Low hung the dark clouds on Plinlimmon’s tall peak,
And slowly, yet surely, the winter drew near;
When Ellen, sweet Ellen, a tear on her cheek,
Exclaimed as we parted, “In May I’ll be here.”

How swiftly I ran up the mountain’s steep height,
To catch the last glimpse of an object so dear!
And, when I no longer could keep her in sight,
I thought on her promise,….”In May I’ll be here.”

Now gladly I mark from Plinlimmon’s tall peak
The low-hanging vapours and clouds disappear,
And climb the rough mountain, thence Ellen to seek,
Repeating her promise….”In May I’ll be here.”

But vainly I gaze the wide prospect around,
‘T is May, yet no Ellen returning is near:
Oh, when shall I see her! when feel my heart bound,
As sweetly she cries, “It is May, and I’m here!”

You ask why these mountains delight me no more,
And why lovely Clwyd’s attractions are o’er;
Ah! have you not heard, then, the cause of my pain?
The pride of fair Clwyd, the boast of the plain,
We never, no never, shall gaze on again!

What though from her coldness keen anguish I felt,
And vainly, to move her, in agony knelt;
Yet could I restore her, I’d never complain,
Not e’en though she doomed me to endless disdain….
I’d bear any torture to see her again.

I grieved when on others with kindness she gazed,
I mourned when another with pleasure she praised;
But could I recall her to life by my pain,
I’d urge her to favour some happier swain,
And wish no reward but to see her again.

Those beauties that charmed me, from death I would free,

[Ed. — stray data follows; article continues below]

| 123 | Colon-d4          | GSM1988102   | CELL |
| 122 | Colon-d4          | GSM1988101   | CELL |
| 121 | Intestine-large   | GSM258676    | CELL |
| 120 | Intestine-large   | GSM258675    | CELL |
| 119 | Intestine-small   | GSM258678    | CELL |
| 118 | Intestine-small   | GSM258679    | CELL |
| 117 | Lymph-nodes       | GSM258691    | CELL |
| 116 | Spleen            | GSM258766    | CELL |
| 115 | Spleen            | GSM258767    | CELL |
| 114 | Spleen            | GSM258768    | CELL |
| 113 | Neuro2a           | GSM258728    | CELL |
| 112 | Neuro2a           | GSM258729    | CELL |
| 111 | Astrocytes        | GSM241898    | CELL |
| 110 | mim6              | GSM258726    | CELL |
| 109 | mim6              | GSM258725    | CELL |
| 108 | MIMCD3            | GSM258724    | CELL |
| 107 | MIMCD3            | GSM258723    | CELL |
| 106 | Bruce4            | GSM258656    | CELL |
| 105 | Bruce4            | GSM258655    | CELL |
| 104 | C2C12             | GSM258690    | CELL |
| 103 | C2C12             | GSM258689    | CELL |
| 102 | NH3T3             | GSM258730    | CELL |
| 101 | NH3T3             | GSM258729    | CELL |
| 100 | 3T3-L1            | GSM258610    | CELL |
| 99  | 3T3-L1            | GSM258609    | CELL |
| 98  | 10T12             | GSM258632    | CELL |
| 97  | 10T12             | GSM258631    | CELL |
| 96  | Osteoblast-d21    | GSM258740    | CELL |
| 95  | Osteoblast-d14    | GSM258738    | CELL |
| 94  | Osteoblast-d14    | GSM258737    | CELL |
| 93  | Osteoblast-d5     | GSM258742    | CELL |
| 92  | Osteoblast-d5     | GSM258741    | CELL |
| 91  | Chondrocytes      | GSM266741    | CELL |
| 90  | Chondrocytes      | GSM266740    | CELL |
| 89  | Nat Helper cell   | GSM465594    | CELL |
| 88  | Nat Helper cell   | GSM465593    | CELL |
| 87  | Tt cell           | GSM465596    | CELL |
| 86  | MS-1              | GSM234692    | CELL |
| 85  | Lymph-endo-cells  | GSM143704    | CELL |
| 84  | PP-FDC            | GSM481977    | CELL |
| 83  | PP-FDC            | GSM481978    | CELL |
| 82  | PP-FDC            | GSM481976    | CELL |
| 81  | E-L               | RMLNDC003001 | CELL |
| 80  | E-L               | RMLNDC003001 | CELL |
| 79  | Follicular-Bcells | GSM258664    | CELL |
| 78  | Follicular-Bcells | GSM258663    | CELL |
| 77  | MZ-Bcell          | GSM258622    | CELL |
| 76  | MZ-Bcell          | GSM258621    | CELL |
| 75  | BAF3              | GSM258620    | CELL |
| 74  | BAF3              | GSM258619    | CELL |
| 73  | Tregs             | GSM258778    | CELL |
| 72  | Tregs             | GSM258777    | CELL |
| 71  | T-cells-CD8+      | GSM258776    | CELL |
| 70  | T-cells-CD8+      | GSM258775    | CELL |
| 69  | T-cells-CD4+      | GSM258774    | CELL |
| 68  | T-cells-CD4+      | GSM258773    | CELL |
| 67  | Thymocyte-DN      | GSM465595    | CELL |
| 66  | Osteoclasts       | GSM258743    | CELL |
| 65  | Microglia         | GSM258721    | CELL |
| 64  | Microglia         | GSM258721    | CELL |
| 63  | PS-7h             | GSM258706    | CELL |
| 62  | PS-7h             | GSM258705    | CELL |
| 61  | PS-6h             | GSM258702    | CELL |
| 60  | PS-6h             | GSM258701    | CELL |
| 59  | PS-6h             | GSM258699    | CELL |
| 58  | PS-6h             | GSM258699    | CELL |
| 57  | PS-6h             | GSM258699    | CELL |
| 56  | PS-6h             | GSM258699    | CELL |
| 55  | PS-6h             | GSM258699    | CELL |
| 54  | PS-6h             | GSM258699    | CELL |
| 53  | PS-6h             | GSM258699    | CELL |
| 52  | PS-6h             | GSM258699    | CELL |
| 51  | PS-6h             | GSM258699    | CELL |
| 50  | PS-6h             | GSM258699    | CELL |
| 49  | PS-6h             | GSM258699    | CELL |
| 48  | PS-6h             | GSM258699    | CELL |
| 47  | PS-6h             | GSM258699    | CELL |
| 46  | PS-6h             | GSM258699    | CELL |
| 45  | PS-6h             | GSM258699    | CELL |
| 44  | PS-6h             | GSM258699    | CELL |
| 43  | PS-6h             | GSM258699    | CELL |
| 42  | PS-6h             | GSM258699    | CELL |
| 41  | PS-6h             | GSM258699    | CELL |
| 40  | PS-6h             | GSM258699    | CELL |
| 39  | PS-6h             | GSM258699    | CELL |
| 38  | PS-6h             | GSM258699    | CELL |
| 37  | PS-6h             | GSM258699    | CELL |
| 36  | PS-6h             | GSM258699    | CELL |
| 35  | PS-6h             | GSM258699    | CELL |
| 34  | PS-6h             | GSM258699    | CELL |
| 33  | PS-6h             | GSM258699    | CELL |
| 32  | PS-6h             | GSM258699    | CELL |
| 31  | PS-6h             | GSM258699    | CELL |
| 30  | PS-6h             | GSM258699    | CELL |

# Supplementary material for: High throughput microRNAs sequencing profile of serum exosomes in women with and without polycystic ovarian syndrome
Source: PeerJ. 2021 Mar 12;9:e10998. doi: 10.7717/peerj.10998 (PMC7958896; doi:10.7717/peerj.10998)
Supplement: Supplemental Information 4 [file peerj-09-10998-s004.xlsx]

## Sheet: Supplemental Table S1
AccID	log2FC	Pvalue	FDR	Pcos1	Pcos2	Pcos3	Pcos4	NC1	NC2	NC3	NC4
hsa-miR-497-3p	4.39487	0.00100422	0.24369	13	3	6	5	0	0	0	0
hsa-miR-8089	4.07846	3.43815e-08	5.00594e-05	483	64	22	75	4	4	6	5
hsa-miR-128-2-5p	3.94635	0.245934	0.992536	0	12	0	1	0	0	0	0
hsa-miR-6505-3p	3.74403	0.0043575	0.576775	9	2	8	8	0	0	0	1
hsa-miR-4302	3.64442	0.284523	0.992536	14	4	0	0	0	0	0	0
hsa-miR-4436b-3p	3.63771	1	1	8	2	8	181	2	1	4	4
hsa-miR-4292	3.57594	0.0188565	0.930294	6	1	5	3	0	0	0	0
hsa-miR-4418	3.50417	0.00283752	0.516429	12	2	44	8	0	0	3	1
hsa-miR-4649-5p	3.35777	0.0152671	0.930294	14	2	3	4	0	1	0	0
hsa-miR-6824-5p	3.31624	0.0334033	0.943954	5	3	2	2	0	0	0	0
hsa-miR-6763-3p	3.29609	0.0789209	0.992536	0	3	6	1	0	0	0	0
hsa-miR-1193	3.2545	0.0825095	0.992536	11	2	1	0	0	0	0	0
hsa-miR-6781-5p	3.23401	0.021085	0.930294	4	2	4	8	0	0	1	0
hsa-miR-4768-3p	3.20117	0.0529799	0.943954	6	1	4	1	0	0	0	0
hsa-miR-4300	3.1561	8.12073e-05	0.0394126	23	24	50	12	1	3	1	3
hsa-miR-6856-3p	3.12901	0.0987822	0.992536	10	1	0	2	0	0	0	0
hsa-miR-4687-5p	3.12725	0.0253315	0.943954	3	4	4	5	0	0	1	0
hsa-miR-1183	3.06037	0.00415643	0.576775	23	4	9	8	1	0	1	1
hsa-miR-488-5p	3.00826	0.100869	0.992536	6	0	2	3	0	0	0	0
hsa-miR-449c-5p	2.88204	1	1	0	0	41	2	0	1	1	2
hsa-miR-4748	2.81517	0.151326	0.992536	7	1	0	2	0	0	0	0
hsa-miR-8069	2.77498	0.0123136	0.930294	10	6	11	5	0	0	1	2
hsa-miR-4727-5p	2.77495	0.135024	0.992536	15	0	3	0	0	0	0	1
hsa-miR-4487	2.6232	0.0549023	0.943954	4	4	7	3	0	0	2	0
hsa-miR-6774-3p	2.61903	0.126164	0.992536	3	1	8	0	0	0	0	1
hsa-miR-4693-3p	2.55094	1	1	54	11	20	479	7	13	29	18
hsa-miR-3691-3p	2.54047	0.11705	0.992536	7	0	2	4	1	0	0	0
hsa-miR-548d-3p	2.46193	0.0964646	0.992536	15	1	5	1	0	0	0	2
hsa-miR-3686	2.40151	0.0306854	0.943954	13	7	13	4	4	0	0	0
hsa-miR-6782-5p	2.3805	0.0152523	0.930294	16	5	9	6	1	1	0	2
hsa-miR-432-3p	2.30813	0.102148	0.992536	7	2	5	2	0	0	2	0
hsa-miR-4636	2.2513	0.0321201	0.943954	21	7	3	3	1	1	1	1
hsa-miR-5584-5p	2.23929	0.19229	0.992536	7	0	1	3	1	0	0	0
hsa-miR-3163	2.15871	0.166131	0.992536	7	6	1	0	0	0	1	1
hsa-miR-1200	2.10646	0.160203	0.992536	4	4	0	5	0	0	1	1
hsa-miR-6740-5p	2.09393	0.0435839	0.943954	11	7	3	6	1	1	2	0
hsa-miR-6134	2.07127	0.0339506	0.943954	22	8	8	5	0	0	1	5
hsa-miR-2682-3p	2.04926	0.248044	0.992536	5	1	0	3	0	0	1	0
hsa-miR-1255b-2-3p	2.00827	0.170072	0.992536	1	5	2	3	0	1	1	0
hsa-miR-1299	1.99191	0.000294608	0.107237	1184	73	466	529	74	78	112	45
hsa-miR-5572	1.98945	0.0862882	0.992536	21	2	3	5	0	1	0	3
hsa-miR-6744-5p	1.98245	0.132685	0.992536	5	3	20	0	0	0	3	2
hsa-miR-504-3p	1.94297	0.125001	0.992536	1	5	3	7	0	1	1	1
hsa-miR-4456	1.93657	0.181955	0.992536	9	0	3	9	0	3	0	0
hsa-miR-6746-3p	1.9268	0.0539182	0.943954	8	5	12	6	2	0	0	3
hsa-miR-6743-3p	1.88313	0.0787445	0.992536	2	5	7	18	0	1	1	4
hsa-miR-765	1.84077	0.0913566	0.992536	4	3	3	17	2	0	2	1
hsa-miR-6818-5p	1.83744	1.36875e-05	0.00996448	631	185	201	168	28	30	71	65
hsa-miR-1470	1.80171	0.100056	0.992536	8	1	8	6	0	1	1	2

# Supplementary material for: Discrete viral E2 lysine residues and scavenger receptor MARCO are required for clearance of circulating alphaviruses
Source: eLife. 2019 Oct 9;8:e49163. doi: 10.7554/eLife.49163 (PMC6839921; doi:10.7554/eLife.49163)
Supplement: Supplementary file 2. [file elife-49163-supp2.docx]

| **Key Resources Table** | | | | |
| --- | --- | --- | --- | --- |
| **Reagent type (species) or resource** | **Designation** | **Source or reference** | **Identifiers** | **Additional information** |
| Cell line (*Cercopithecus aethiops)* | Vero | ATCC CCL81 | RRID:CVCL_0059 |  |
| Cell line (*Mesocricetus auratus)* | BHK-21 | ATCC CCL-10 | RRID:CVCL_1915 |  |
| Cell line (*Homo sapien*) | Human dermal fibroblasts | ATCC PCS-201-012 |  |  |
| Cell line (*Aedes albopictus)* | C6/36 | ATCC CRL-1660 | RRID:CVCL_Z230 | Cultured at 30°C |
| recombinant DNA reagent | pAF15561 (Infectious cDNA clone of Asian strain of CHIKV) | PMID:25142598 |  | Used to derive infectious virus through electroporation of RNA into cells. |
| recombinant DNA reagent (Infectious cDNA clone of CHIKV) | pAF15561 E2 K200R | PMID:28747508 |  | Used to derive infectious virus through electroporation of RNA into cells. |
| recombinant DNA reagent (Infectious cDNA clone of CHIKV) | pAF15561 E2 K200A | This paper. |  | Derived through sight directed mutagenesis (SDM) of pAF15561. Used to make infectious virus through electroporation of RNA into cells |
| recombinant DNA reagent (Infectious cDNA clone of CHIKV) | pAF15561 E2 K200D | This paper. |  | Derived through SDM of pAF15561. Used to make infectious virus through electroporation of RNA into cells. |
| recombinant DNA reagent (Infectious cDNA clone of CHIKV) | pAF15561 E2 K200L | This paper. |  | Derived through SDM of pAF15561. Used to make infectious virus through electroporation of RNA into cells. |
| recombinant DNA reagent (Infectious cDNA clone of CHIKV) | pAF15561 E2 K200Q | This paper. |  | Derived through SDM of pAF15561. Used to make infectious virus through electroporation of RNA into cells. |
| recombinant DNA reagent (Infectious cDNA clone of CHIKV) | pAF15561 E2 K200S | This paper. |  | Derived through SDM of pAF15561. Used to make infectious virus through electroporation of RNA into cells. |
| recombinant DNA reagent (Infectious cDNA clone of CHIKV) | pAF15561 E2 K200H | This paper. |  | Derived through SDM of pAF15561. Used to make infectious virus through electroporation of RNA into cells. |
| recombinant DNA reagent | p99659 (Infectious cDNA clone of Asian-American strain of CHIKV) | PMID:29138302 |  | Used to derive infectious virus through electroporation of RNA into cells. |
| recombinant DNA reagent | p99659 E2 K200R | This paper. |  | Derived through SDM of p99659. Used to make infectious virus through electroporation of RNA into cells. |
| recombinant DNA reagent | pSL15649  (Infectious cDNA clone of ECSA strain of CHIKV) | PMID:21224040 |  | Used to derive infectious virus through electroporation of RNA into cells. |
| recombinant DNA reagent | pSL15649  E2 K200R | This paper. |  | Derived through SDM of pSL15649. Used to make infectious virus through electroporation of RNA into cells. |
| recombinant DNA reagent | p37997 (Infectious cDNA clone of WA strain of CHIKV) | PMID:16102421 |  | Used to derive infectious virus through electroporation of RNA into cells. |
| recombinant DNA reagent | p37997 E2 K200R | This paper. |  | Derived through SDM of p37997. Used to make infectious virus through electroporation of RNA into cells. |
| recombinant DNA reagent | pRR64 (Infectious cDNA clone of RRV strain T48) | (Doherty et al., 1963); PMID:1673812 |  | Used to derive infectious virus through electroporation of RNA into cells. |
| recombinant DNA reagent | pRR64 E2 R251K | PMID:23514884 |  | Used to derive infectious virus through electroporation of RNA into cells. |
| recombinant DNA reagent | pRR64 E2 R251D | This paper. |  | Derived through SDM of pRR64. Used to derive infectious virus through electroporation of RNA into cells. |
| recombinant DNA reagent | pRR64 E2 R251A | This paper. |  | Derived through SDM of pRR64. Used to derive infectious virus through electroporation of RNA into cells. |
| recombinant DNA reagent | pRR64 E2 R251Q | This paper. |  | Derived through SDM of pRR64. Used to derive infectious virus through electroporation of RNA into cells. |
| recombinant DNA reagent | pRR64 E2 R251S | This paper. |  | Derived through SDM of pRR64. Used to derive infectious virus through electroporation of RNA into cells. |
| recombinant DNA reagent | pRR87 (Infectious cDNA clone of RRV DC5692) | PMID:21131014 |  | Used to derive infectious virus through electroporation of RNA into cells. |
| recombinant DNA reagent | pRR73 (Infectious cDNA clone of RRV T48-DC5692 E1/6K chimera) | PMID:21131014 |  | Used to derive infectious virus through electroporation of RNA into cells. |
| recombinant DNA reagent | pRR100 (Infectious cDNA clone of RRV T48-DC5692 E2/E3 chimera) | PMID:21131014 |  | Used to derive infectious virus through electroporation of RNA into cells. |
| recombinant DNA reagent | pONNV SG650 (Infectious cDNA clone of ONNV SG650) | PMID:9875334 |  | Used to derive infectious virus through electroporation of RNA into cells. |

Though sure that those beauties another’s should be!
But truth, and affection, and grief are all vain;
The pride of fair Clwyd, the boast of our plain,
We never, ah never! can gaze on again!

 Amelia Opie Poems
Amelia Opie Poems

The Mad Wanderer

There came to Grasmere’s pleasant vale
A stranger maid in tatters clad,
Whose eyes were wild, whose cheek was pale,
While oft she cried, “Poor Kate is mad!”

Four words were all she’d ever say,
Nor would she shelter in a cot;
And e’en in winter’s coldest day
She still would cry, “My brain is hot.”

A look she had of better days;
And once, while o’er the hills she ranged,
We saw her on her tatters gaze,
And heard her say, “How Kate is changed!”

Whene’er she heard the death-bell sound,
Her face grew dreadful to behold;
She started, trembled, beat the ground,
And shuddering cried, “Poor Kate is cold!”

And when to church we brought the dead,
She came in ragged mourning drest;
The coffin-plate she trembling read,
Then laughing cried, “Poor Kate is blest!”

But when a wedding peal was rung,
With dark revengeful leer she smiled,
And, curses muttering on her tongue,
She loudly screamed, “Poor Kate is wild!”

To be in Grasmere church interred,
A corpse one day from far was brought;
Poor Kate the death-bell sounding heard,
And reached the aisle as quick as thought:

When on the coffin looking down,
She started, screamed, and back retired,
Then clasped it….breathing such a groan!
And with that dreadful groan expired.

 Amelia Opie Poems
Amelia Opie Poems